If you were to assume, however, that you were not yet pregnant, but wanted to discuss whether or not the Church would allow you to PLAN on not having children, then that is a different question altogether, one which I can't speak with any steadfast assurance on. I do know that adoption is ALWAYS an option and encouraged in the Church...the decision to have children of one's own (i.e., biological) is a personal one, and one that some people will go to great lengths for--even going so far as to pay thousands of dollars for somebody else's egg or sperm just so they can experience the natural process of pregnancy and call the child "their own." I think parents of adopted children, however, do not consider their children any less their own than their biological children.

I will say that I am not in agreeance with the Church's teaching on the use of artificial contraception. I come at this from a theological perspective, but also from a personal one. I took NFP classes and it seems to work for some people...for others I think that the constant fear of pregnancy at a time when a couple is not financial or emotionally prepared for a child has the potential to do more harm to a marriage than the use of artificial contraception does. But that is a discussion for another time.

I would say that if you wanted to PLAN on "not having kids" with your husband, you would have to specificy if this meant not having biological children, or not being open to raising children at all. I think the Church would bless the former but not the latter if adoption was considered. But even this is open to debate, since recent developments in sacramental theology have acknowledged the bi-dimensional nature of marriage, which possessed both a "procreative" and a "unitive" function. The former was always given more weight, but both need to be considered equally.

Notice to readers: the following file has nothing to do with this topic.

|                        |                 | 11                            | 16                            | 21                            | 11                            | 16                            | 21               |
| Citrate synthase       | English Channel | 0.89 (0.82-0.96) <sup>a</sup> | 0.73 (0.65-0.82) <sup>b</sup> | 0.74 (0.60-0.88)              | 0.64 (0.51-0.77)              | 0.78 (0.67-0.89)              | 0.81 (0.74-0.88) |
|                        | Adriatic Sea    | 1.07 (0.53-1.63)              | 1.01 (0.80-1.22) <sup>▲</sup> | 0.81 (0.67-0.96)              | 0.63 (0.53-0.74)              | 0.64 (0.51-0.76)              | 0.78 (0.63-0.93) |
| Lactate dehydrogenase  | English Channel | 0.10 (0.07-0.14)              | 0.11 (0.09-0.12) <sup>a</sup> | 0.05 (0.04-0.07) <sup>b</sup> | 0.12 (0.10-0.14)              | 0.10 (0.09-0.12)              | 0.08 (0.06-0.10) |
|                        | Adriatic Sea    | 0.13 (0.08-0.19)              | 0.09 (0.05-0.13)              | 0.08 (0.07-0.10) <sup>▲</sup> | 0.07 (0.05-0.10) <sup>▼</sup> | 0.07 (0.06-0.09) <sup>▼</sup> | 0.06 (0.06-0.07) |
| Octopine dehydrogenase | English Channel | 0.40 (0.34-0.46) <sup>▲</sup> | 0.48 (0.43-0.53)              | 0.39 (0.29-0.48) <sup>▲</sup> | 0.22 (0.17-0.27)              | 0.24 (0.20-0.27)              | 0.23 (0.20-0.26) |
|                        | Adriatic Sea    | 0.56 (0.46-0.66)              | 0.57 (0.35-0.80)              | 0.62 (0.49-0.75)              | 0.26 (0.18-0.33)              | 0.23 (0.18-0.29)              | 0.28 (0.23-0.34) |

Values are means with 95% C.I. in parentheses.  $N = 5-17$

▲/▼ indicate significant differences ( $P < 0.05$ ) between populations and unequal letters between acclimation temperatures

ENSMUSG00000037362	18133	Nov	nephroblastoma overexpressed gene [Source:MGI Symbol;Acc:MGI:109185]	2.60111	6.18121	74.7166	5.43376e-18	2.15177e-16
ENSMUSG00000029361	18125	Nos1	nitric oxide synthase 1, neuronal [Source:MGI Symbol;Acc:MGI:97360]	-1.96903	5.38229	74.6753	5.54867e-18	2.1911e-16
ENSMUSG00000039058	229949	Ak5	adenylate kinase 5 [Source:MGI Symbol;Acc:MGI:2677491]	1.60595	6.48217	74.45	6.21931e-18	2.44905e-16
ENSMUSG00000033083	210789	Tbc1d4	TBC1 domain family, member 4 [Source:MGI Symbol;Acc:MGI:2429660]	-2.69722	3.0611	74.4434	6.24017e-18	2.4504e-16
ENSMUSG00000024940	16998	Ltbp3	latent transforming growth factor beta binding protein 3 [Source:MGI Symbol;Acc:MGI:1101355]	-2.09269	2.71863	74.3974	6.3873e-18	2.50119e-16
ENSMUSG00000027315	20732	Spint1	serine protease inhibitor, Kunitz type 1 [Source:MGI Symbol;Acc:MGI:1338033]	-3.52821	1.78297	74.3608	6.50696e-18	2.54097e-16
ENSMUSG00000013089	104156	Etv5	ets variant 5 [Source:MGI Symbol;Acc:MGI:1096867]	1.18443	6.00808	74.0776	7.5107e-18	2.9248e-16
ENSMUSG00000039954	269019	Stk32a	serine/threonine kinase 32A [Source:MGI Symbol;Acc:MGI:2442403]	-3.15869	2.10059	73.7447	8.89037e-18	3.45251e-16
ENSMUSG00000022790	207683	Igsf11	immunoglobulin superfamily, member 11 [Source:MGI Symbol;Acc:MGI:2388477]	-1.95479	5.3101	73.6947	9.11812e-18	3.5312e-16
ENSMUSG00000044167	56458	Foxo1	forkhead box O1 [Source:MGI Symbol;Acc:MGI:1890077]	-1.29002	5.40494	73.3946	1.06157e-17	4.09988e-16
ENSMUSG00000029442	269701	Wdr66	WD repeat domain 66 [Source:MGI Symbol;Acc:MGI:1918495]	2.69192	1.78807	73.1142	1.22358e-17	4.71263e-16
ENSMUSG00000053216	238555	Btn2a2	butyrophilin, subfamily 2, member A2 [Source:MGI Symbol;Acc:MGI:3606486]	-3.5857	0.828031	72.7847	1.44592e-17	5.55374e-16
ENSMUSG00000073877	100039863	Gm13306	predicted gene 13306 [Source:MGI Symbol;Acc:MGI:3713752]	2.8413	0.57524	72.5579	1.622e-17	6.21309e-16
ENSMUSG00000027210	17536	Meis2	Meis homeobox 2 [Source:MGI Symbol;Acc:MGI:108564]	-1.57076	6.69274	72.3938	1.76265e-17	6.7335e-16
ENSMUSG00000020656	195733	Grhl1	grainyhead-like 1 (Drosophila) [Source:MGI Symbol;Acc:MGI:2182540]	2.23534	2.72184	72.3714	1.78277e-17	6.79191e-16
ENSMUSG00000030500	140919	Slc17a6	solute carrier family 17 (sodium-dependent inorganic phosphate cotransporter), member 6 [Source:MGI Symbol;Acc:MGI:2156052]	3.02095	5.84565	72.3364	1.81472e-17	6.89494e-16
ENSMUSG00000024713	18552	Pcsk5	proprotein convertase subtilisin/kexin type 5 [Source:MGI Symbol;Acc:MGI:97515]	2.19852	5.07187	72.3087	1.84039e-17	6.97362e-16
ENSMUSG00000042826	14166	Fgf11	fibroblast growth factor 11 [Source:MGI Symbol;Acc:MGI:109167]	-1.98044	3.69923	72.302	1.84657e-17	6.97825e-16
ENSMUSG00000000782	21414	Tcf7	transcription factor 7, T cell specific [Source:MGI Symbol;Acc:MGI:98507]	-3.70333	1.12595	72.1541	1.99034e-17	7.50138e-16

2) The paper you are talking about is a voluntary committal waiver (in contrast to a "302" committal, which is non-voluntary). I did sign such papers when I was committed, but I would be willing to sign them over to my wife, on the condition that the criteria for such a committal are clearly defined beforehand to prevent the risk of being "whimsically" committed to an institution at the first sign of having a bad day.